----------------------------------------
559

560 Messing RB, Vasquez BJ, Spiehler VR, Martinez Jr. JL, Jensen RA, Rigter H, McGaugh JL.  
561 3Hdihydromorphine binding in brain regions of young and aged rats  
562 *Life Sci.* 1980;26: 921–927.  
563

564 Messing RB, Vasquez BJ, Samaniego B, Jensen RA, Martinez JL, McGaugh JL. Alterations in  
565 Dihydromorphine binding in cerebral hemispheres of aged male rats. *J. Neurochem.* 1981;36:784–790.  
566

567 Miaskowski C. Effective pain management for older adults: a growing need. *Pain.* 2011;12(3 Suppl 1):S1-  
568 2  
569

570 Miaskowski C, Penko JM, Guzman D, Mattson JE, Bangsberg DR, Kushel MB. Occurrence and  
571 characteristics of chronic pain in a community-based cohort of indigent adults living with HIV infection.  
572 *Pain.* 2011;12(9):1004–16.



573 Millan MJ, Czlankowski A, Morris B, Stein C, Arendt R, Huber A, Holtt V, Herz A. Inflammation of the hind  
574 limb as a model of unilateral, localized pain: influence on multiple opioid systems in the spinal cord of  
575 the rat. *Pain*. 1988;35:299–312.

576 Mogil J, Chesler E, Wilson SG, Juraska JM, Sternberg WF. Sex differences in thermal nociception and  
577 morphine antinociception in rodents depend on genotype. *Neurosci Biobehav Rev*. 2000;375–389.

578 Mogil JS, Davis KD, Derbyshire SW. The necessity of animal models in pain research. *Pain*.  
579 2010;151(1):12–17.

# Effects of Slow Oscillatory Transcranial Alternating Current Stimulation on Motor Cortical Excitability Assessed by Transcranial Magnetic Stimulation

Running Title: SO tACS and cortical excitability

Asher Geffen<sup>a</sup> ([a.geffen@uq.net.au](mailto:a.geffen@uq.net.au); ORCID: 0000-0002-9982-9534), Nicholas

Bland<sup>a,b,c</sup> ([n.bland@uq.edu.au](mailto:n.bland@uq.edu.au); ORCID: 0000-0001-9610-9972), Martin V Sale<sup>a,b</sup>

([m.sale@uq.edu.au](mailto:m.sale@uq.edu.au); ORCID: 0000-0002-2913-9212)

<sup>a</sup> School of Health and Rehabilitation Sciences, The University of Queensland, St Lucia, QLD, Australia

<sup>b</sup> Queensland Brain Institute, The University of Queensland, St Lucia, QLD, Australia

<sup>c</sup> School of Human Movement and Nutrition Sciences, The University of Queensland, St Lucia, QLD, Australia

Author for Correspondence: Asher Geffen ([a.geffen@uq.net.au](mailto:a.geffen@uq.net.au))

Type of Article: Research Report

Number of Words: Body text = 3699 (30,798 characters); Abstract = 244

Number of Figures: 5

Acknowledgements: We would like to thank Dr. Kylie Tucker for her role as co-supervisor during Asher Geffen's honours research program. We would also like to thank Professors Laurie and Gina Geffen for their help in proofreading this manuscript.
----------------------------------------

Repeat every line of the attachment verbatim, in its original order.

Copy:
559

560 Messing RB, Vasquez BJ, Spiehler VR, Martinez Jr. JL, Jensen RA, Rigter H, McGaugh JL.  
561 3Hdihydromorphine binding in brain regions of young and aged rats  
562 *Life Sci.* 1980;26: 921–927.  
563

564 Messing RB, Vasquez BJ, Samaniego B, Jensen RA, Martinez JL, McGaugh JL. Alterations in  
565 Dihydromorphine binding in cerebral hemispheres of aged male rats. *J. Neurochem.* 1981;36:784–790.  
566

567 Miaskowski C. Effective pain management for older adults: a growing need. *Pain.* 2011;12(3 Suppl 1):S1-  
568 2  
569

570 Miaskowski C, Penko JM, Guzman D, Mattson JE, Bangsberg DR, Kushel MB. Occurrence and  
571 characteristics of chronic pain in a community-based cohort of indigent adults living with HIV infection.  
572 *Pain.* 2011;12(9):1004–16.



573 Millan MJ, Czlankowski A, Morris B, Stein C, Arendt R, Huber A, Holtt V, Herz A. Inflammation of the hind  
574 limb as a model of unilateral, localized pain: influence on multiple opioid systems in the spinal cord of  
575 the rat. *Pain*. 1988;35:299–312.

576 Mogil J, Chesler E, Wilson SG, Juraska JM, Sternberg WF. Sex differences in thermal nociception and  
577 morphine antinociception in rodents depend on genotype. *Neurosci Biobehav Rev*. 2000;375–389.

578 Mogil JS, Davis KD, Derbyshire SW. The necessity of animal models in pain research. *Pain*.  
579 2010;151(1):12–17.

# Effects of Slow Oscillatory Transcranial Alternating Current Stimulation on Motor Cortical Excitability Assessed by Transcranial Magnetic Stimulation

Running Title: SO tACS and cortical excitability

Asher Geffen<sup>a</sup> ([a.geffen@uq.net.au](mailto:a.geffen@uq.net.au); ORCID: 0000-0002-9982-9534), Nicholas

Bland<sup>a,b,c</sup> ([n.bland@uq.edu.au](mailto:n.bland@uq.edu.au); ORCID: 0000-0001-9610-9972), Martin V Sale<sup>a,b</sup>

([m.sale@uq.edu.au](mailto:m.sale@uq.edu.au); ORCID: 0000-0002-2913-9212)

<sup>a</sup> School of Health and Rehabilitation Sciences, The University of Queensland, St Lucia, QLD, Australia

<sup>b</sup> Queensland Brain Institute, The University of Queensland, St Lucia, QLD, Australia

<sup>c</sup> School of Human Movement and Nutrition Sciences, The University of Queensland, St Lucia, QLD, Australia

Author for Correspondence: Asher Geffen ([a.geffen@uq.net.au](mailto:a.geffen@uq.net.au))

Type of Article: Research Report

Number of Words: Body text = 3699 (30,798 characters); Abstract = 244

Number of Figures: 5

Acknowledgements: We would like to thank Dr. Kylie Tucker for her role as co-supervisor during Asher Geffen's honours research program. We would also like to thank Professors Laurie and Gina Geffen for their help in proofreading this manuscript.